My first choice in bacon, the Cadillac of bacon if you will, is from a little butcher shop called Falatic Meat Market in Sawyer, Michigan.  It is the definition of “a hole in the wall” type place, but their bacon is to die for. I have a friend who owns a nearby vacation cottage and when I go with her I get five pounds of bacon at a time. She goes up to get the cottage ready for guests and brings back bacon for various people because it is worth the trouble.  I am afraid to try anything else from Falatics because one addiction is enough. I know that this may not seem too helpful, but if you find yourself anywhere near Chicago then you might want to make the hour drive over to Sawyer. You will not be sorry, unless you count the sorry you will feel when you run out of bacon.

A respectable second in bacon hall of fame is from Fresh Thyme Market. This is a bit more accessible since it is a chain that is expanding throughout the Midwest. I like their applewood smoked bacon and thick-cut bacon from their butcher counter.

My favorite way to prepare bacon is to bake it. There are three reasons I prefer baking bacon.

    1. The bacon does not shrivel up to a quarter of its original size. I am not saying

      you don’t lose some volume, but it does not shrink as much and it does not turn into an impossible to manage curly-q that makes you wonder if bacon comes from the pig’s tail.

    2. No death by splattering. Bacon does not always go into that good night peacefully.  IMG_1219Some times it likes to spit white-hot oil at you as it cooks. Baking leaves you protected from splatters on your skin. Bonus: it also cannot splatter on your clothes, then everyone is hovering around you asking if you’ve got bacon because you smell from being sprayed with grease.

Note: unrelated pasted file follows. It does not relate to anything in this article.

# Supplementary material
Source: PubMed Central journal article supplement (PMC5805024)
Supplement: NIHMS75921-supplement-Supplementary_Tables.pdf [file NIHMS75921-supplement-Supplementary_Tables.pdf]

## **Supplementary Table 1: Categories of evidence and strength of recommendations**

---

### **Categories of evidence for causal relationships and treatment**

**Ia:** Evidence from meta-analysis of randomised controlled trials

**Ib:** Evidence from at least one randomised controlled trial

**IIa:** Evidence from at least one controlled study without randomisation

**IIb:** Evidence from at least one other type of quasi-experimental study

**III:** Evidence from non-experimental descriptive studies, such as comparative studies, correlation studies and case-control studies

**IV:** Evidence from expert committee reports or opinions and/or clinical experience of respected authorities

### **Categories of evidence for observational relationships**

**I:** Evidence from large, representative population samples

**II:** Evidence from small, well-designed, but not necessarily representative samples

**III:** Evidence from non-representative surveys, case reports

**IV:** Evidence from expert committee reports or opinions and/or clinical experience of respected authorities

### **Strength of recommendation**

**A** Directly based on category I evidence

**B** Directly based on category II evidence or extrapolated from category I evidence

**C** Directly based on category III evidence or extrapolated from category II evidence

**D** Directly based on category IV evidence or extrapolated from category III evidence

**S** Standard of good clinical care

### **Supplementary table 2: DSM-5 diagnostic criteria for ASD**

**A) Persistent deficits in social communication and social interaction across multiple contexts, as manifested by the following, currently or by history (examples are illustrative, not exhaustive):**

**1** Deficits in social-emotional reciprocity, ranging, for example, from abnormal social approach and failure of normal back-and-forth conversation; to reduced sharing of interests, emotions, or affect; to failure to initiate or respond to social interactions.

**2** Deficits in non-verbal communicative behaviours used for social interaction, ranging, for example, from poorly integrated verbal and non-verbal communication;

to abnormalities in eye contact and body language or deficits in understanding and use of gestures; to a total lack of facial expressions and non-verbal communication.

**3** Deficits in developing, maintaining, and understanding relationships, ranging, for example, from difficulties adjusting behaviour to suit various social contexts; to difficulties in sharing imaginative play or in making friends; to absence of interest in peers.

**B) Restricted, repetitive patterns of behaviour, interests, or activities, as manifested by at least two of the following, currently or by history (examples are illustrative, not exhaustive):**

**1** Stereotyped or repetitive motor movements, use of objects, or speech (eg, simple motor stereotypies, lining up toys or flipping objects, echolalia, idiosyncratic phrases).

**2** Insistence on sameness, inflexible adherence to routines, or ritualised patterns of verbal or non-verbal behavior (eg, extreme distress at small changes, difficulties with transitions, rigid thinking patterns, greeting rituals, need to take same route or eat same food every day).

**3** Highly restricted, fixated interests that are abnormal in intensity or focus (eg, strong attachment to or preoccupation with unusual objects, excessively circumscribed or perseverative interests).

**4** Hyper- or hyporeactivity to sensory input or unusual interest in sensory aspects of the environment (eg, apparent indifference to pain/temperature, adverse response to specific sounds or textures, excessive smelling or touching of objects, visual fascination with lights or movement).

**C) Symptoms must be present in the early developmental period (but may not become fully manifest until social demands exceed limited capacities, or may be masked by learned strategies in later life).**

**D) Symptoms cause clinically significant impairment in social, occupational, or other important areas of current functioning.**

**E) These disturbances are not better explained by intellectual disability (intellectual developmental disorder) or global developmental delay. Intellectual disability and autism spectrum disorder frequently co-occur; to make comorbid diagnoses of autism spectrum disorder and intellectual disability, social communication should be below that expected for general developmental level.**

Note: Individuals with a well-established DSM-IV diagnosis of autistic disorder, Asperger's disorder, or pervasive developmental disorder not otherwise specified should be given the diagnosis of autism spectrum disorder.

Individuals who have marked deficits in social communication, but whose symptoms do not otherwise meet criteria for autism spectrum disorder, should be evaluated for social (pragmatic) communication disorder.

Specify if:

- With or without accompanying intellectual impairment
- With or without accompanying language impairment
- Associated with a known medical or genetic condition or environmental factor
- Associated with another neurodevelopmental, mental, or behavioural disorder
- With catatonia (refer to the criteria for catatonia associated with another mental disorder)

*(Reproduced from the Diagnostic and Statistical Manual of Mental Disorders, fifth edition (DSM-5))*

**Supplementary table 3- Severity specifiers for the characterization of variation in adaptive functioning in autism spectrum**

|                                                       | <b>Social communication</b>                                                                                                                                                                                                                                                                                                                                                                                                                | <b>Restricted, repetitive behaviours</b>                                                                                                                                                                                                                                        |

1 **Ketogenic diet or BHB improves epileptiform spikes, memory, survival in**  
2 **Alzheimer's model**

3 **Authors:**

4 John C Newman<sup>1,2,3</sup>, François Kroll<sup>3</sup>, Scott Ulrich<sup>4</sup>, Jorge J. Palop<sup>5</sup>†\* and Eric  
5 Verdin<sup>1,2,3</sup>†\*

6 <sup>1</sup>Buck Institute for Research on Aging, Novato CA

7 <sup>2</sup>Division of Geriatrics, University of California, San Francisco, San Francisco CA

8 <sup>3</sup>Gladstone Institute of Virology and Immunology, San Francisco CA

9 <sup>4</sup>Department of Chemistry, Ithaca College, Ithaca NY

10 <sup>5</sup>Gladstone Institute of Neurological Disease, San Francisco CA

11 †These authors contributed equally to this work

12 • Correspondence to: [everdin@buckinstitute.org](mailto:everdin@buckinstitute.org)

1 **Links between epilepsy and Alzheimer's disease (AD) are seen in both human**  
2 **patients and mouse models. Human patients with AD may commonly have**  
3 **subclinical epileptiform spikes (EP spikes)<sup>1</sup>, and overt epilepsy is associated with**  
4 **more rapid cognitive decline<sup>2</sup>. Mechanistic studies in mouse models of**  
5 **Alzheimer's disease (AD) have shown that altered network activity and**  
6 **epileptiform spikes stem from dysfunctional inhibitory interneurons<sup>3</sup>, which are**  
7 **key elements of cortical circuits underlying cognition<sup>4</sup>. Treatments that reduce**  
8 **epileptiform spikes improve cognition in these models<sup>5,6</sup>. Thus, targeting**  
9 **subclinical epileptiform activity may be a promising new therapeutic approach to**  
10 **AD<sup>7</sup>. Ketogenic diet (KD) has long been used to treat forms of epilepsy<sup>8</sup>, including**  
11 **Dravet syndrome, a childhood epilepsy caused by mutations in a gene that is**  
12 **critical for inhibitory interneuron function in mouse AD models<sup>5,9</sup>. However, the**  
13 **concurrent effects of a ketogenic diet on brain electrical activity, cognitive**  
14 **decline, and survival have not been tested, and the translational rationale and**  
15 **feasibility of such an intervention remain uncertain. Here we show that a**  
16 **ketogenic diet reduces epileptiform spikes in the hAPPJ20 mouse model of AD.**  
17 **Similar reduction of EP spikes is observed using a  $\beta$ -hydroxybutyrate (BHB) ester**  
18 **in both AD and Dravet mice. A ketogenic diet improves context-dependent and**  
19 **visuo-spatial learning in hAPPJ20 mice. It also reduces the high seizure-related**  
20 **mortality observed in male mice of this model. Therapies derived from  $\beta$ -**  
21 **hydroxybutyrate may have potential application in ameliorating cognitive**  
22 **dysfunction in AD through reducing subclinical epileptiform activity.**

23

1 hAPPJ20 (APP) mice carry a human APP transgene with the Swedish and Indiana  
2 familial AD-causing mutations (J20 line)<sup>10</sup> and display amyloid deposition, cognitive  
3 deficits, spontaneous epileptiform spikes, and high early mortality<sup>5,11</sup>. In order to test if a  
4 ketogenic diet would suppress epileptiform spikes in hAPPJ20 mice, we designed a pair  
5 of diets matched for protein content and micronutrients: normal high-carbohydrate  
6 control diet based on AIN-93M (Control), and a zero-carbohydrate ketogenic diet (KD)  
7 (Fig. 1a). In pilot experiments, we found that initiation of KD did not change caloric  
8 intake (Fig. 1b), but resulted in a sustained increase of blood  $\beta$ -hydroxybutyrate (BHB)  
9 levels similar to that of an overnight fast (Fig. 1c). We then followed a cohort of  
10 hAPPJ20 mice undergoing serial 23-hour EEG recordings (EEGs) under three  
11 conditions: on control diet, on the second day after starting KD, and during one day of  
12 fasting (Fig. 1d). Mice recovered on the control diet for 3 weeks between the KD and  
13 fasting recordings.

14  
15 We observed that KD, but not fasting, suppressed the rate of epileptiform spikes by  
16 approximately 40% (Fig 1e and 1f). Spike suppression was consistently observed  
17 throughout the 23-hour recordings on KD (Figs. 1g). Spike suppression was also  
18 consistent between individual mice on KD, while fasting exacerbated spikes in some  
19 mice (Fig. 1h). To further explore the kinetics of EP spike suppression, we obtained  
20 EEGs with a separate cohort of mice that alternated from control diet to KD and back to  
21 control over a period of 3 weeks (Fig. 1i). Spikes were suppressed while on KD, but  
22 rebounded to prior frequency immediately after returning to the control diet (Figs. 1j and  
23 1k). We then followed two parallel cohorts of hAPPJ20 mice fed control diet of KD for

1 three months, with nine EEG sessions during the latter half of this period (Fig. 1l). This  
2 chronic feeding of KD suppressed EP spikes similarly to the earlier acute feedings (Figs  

3. Bacon grease. Nuff said. When you bake bacon, you are left with a treasure trove of bacon grease. This versatile and delicious fat can be added to all sorts of dishes to to give it that extra kick of bliss.

 

Baking bacon is super simple.

I take a baking pan and line the bacon in a single layer. The important part is that it has sides. No cookie sheets! I am not positive, but I think that would result in a waterfall of flaming fat in your oven.

Preheat the oven to 350 degrees. Once heated, bake on the middle rack for 30 minutes orIMG_1217 to desired crispness. I like my bacon chewy. I refer to it as floppy bacon because I have a way with words. You will want to go for longer if you want crispier.

Once your remove your bacon (to your mouth or storage container, depending on your level of self-control), pour the bacon grease through a fine wire mesh sieve into a container for storage. I put mine in the fridge with a lid on it because I have pets that cannot be trusted, but I have heard of lots of people who store theirs by the stove. Pouring it through the mesh should remove any solid meat bits that could spoil.

Enough talking. I need to go get me some bacon!

Diets

First Day of the Project

Like I mentioned in my last post, I am using a program called The Fat Burning Female Project (FBFP.) I do not want to blow up Shawn Mynar’s income by giving away her trade secrets, so I will not go into too many details on how the program works.

The FBFP is a six week program where a cohort is eased into ketosis so we can learn to listen to our bodies, discover our carb tolerance, and do it all as a supportive community through a Facebook page and occasional group chat.

The FBFP starts off with one of my dieting weaknesses: tracking. I have never been good at keeping up with tracking food. I like variety and I make some strange specialty dishes, so I feel like figuring out points or macros or whatever the tracking system of the day calls for takes longer than eating the food. The FBFP uses a proprietary tracking system that is much easier than others I have tried and Shawn does not want us to get obsessive, so she encourages guesstimating. Guesstimating is something I can get behind.